Multiple Select: In which conditions should tasks be subdivided:

  • a) When done by a new team
  • b) When the project scope is large
  • c) When the project can be completed easily without subdividing
  • d) When potential issues are unclear

Answer: a) When done by a new team, b) When the project scope is large, d) When potential issues are unclear

Explanation: Task subdivision is beneficial when handled by a new or inexperienced team, large projects, or where there are unclear obstacles that could potentially arise.

True or False: The minimum viable product is the most elaborate version of the product.

  • True
  • False

Answer: False

Explanation: The minimum viable product is the most basic and simplest form of the product that achieves its goal.

Single Select: The subdivision of tasks is crucial while working in:

  • a) Small scale projects
  • b) Medium scale projects
  • c) Large scale projects
  • d) All of the above

Answer: d) All of the above

Explanation: Task subdivision is valuable in any scale of project as it aids in the efficient management and helps in identifying the minimum viable product.

Interview Questions

What is a minimum viable product (MVP) in project management?

A minimum viable product (MVP) in project management is a concept from Lean Startup that emphasizes the impact of learning in new product development. It is a product with enough features to attract early adopters, and validates a product idea early in the project life cycle.

How does subdividing project tasks contribute to finding the minimum viable product?

Subdividing project tasks or “decomposition” helps to make the project manageable and achievable. It can also identify those tasks that specifically contribute to features and functionalities of the MVP, which helps concentrate team efforts on tasks that add value to the end product.

What is the aim of establishing a minimum viable product in project management?

The aim is to avoid building products that customers do not want by maximizing early customer feedback and iterating based on that feedback. It facilitates validated learning by using iterative product release and building upon what works in each iteration.

What is the role of project manager in creating the MVP?

The project manager’s role is to lead and manage the team to focus on the prioritized tasks, ensure that the MVP will demonstrate the core functionality of the product, and manage the feedback/iteration process.

What technique can help in subdividing the project tasks?

Work Breakdown Structure (WBS) is a common technique used for subdividing project tasks. It breaks down the project into smaller, more manageable pieces from which the team can understand and tackle the tasks more efficiently.

How can a project manager ensure that subdivided tasks remain cohesive and contribute to the MVP?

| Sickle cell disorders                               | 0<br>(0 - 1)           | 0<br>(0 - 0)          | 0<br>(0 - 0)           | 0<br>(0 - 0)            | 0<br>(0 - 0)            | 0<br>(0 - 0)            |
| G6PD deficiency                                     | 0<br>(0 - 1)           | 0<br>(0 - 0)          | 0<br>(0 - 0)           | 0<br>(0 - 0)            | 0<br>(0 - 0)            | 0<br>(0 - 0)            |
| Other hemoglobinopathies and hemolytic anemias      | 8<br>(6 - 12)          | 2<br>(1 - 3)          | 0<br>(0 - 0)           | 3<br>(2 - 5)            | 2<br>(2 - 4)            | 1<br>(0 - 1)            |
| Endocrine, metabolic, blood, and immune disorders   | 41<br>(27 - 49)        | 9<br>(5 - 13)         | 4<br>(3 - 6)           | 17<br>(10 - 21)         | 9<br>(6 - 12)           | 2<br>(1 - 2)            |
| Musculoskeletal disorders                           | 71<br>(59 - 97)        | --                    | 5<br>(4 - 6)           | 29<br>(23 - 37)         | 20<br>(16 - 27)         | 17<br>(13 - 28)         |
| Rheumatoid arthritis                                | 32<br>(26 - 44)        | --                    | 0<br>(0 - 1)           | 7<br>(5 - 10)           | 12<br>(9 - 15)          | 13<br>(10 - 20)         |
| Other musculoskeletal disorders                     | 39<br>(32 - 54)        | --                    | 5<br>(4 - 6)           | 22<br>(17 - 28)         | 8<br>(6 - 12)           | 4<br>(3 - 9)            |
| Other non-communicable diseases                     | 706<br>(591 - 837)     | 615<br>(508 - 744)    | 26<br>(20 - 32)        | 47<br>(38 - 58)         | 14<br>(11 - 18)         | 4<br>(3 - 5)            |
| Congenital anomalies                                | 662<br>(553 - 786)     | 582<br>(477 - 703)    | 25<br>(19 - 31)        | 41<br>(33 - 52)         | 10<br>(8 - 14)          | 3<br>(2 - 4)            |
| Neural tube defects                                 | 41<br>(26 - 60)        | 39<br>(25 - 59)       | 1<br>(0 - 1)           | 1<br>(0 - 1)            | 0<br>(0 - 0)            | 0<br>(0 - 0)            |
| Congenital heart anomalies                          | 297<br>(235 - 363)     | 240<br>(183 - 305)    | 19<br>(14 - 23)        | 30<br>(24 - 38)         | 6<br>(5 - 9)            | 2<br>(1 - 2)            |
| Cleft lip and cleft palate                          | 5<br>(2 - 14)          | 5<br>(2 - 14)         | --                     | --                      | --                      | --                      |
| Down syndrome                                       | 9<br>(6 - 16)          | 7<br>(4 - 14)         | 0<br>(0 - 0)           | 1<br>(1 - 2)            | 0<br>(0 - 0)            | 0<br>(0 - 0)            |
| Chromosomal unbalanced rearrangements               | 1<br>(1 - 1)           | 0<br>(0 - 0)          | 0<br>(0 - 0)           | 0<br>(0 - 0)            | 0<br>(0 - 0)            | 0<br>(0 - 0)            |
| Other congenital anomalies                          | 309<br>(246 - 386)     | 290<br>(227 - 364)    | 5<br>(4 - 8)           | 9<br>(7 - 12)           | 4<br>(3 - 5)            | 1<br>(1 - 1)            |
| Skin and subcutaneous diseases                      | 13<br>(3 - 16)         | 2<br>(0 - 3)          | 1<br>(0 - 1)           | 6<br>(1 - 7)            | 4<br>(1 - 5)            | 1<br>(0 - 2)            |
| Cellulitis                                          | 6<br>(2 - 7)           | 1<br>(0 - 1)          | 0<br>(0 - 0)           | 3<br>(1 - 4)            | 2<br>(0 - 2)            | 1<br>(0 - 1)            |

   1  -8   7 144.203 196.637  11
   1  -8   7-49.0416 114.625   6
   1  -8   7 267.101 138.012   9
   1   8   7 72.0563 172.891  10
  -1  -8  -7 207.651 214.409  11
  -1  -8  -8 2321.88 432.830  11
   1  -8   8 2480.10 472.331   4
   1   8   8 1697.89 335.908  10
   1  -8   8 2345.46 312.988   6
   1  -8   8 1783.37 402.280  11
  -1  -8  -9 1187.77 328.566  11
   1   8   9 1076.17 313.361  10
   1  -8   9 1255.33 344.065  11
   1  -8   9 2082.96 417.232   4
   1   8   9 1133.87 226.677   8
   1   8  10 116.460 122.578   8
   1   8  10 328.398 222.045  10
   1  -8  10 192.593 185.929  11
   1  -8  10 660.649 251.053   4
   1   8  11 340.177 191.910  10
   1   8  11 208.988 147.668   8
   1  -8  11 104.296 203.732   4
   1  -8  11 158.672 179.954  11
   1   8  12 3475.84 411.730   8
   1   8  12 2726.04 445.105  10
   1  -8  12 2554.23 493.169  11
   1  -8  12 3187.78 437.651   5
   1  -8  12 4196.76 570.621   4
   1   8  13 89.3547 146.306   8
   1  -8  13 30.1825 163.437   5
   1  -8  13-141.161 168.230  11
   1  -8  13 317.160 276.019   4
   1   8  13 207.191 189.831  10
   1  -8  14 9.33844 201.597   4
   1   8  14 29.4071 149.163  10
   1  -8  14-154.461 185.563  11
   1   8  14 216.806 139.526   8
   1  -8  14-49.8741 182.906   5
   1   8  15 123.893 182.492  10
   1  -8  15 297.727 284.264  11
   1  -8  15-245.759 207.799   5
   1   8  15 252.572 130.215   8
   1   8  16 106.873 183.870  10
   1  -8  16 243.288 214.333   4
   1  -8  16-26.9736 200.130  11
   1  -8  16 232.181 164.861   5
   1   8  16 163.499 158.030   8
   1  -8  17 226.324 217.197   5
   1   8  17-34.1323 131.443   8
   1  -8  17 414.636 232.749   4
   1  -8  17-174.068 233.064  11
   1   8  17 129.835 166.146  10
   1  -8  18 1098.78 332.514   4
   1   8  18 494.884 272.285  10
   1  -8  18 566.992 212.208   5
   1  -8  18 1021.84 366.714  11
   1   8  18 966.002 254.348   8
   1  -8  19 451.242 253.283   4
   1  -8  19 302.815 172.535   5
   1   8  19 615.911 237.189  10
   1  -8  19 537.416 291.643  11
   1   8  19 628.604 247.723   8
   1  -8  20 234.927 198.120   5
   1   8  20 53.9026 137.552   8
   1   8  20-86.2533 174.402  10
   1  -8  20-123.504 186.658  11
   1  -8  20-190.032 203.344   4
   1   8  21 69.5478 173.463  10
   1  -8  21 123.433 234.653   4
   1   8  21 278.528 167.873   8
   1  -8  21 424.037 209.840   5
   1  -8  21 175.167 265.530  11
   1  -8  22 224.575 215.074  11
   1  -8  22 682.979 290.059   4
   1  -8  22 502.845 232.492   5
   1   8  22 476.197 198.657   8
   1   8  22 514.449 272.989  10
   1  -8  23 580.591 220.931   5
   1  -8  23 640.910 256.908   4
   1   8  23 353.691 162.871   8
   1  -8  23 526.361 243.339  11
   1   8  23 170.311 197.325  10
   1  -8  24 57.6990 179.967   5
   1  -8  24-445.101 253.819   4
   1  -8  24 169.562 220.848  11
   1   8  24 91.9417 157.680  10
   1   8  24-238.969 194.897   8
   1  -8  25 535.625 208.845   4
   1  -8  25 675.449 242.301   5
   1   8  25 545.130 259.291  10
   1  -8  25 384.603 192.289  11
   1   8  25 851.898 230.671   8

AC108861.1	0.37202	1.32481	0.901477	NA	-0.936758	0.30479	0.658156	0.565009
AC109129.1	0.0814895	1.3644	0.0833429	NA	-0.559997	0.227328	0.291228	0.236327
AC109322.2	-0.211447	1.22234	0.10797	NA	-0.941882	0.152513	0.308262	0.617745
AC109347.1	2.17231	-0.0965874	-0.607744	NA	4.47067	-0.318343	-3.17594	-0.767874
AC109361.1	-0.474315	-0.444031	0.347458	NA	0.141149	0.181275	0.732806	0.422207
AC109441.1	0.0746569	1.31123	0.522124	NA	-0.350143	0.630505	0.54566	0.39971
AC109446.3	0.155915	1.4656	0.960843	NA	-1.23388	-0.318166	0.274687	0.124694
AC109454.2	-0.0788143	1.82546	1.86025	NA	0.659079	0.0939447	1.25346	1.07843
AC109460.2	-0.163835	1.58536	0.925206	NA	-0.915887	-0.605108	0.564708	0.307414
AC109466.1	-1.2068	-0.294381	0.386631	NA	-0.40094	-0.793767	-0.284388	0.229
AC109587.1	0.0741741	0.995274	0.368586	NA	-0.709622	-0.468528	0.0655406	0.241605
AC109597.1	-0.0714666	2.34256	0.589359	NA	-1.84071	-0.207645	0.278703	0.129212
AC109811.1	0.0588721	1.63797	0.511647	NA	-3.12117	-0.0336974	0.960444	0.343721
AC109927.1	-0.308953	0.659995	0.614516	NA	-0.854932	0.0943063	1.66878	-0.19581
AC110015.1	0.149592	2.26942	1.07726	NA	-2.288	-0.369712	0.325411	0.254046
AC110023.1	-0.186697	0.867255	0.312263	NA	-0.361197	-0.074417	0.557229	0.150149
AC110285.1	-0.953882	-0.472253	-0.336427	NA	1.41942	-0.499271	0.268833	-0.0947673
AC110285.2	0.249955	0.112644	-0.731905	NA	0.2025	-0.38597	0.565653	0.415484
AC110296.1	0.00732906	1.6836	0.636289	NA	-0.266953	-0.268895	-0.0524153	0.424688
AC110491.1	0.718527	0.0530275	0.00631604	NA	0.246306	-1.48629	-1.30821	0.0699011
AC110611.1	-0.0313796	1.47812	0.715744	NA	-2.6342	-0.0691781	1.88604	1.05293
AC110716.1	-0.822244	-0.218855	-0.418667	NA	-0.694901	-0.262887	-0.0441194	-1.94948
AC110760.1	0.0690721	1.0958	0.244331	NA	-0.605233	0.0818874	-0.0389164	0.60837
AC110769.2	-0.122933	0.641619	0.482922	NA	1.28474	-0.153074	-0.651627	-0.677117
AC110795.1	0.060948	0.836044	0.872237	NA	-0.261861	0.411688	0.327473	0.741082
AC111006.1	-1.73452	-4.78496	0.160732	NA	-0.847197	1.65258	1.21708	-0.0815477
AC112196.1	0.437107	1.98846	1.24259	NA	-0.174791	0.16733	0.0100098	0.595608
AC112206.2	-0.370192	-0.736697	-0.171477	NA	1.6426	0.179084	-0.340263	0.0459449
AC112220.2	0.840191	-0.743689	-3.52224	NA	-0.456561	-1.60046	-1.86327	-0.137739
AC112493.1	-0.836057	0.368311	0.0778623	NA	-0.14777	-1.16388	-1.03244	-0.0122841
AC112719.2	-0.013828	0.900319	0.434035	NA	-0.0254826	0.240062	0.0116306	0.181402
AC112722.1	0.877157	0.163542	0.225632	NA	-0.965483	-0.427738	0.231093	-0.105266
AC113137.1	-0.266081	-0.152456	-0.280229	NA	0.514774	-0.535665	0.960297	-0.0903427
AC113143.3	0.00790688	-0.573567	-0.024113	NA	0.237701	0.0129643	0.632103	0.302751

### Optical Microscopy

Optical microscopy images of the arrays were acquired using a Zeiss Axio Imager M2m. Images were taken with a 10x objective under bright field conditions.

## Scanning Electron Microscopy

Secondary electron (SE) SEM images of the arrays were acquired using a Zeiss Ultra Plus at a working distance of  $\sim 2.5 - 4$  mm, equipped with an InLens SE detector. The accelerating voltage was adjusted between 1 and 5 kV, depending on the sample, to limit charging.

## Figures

By implementing good project integration management strategies, the project manager can monitor that every task’s outputs align with the project’s overall goal. Additionally, the use of project management tools and regular meetings can maintain this alignment.

How does regular feedback contribute to MVP development?

Regular feedback ensures that the MVP is aligning with customer needs and expectations. It can bring to light any necessary changes or adjustments early in the process, making sure that the final product is useful and relevant.

How does risk management interplay with the creation of MVP in project tasks?

Risk management helps to identify and prioritize possible uncertainties that could impact the progression of the MVP. By having an understanding of these risks, management can mitigate the effects, ensuring that the project remains on track.

What is the importance of stakeholder engagement in creating the MVP?

Stakeholder engagement is crucial because stakeholders can provide valuable insights, feedback, and resources that can help shape the MVP. Engaging stakeholders also promotes transparency and buy-in, which can improve project outcomes.

Which is more important for MVP: quality or speed?

Both are important. While speed is necessary to get the MVP fast to market to gather user feedback, it should not compromise the product’s quality. Sleeper features that are of high quality can keep users returning and provide more useful feedback for future iterations.

What is iterative delivery in relation to the MVP?

Iterative delivery refers to the process of delivering enhancements to an MVP over several iterations or versions. It allows for quicker feedback and the ability to make changes based on this constructive criticism, thus continually improving the product.

What communication strategies can be used by a project manager to support team understand the MVP creation process?

Some effective communication strategies can include regular team meetings, one-on-one check-ins with team members, use of collaborative project management tools, and providing clear and detailed project documents with clearly explained MVP goals.

How can the project scope be managed while developing an MVP?

Project scope can be managed through detailed planning, defining clear project boundaries, effective project scope management techniques, and change control processes. Building an MVP can lead to dreams of a broader product, but a project manager must manage scope to ensure the team remains focused on the initial parameters of the MVP.

Can a MVP be developed without subdividing tasks?

While it’s possible to develop an MVP without subdividing tasks, it’s not recommended. Without subdivision, tasks might become too complex and unmanageable for team members, which can lead to mistakes, oversights, and increased delivery times.

How often should the team revisit the MVP during the project?

The MVP should be revisited frequently throughout the project. Regular check-ins allow the team to evaluate progress, make necessary adjustments, and ensure that work aligns with the goal of producing the MVP. Regular customer feedback can lead to necessary MVP iterations.